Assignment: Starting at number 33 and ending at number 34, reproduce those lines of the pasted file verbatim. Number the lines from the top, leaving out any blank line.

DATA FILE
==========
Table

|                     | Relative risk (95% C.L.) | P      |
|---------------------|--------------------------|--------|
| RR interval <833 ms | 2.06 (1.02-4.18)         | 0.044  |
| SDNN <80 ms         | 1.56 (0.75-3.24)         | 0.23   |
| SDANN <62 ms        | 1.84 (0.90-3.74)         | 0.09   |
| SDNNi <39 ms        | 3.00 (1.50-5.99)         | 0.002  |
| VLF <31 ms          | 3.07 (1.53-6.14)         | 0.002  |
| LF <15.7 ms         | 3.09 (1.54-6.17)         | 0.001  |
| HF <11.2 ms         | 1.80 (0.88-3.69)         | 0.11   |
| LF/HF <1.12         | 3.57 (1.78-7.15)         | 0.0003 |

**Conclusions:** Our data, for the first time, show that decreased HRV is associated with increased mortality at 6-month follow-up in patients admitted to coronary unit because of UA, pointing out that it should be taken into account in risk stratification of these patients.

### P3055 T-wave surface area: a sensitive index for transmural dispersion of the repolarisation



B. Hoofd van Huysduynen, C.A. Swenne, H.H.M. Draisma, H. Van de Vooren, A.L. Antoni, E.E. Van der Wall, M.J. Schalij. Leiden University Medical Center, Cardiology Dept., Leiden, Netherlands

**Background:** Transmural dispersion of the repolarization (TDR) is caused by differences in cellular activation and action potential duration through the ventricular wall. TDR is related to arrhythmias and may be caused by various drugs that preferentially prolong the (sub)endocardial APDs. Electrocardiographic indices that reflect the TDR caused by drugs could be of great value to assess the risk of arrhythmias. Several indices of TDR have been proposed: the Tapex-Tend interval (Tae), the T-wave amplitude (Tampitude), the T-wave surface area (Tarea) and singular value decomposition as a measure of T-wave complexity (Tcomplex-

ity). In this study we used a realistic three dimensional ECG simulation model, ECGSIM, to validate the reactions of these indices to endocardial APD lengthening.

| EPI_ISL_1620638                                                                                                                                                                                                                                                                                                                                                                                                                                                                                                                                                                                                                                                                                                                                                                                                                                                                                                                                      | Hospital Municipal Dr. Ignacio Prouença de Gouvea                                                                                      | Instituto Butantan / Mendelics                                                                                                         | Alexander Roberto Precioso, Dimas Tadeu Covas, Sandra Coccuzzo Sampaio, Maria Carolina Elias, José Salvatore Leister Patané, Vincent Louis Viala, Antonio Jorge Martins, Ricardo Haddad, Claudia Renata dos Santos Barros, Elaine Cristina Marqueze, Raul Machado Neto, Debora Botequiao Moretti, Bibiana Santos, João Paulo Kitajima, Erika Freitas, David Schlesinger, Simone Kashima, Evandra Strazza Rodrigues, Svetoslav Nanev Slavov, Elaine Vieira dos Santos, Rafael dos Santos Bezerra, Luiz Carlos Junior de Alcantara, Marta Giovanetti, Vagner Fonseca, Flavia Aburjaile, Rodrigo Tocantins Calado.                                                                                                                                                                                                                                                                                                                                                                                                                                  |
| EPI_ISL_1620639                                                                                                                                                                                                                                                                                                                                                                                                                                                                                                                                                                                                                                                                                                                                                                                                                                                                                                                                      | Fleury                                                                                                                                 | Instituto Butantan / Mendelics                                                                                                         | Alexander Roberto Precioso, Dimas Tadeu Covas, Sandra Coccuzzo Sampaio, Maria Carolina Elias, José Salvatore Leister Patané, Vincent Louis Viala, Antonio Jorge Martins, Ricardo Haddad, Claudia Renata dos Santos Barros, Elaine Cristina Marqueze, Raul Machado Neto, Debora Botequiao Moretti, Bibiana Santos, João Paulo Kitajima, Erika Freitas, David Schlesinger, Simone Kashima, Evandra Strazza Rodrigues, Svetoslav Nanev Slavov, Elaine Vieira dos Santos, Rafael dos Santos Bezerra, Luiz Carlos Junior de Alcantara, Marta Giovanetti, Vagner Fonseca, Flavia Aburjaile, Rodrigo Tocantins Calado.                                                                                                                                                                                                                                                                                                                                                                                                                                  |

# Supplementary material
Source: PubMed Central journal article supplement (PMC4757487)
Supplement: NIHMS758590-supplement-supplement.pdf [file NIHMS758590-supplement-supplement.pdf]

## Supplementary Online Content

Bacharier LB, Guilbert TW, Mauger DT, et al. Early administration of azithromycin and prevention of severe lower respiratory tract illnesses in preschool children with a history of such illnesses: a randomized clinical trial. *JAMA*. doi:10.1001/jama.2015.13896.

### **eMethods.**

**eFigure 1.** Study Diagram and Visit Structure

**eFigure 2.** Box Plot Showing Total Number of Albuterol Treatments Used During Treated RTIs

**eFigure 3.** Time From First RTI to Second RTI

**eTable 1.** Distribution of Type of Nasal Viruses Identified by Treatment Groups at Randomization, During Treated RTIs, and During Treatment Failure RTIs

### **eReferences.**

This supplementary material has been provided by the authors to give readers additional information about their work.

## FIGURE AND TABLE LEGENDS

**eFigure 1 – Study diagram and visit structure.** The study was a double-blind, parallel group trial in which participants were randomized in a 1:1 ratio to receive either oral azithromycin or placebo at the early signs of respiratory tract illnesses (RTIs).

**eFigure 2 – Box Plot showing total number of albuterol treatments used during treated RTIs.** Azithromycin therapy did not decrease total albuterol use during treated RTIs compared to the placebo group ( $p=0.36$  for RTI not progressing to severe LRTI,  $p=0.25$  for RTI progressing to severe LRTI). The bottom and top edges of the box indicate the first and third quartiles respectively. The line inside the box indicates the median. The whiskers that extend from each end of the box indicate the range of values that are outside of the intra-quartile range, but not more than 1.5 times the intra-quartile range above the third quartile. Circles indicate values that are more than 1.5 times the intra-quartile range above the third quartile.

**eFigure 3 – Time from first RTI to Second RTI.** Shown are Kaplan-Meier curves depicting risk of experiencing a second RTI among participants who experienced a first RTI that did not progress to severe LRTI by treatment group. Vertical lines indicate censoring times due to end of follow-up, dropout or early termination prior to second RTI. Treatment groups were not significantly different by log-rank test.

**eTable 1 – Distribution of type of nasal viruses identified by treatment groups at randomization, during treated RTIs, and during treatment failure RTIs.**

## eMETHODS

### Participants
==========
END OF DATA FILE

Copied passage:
**eFigure 2 – Box Plot showing total number of albuterol treatments used during treated RTIs.** Azithromycin therapy did not decrease total albuterol use during treated RTIs compared to the placebo group ( $p=0.36$  for RTI not progressing to severe LRTI,  $p=0.25$  for RTI progressing to severe LRTI). The bottom and top edges of the box indicate the first and third quartiles respectively. The line inside the box indicates the median. The whiskers that extend from each end of the box indicate the range of values that are outside of the intra-quartile range, but not more than 1.5 times the intra-quartile range above the third quartile. Circles indicate values that are more than 1.5 times the intra-quartile range above the third quartile.

**eFigure 3 – Time from first RTI to Second RTI.** Shown are Kaplan-Meier curves depicting risk of experiencing a second RTI among participants who experienced a first RTI that did not progress to severe LRTI by treatment group. Vertical lines indicate censoring times due to end of follow-up, dropout or early termination prior to second RTI. Treatment groups were not significantly different by log-rank test.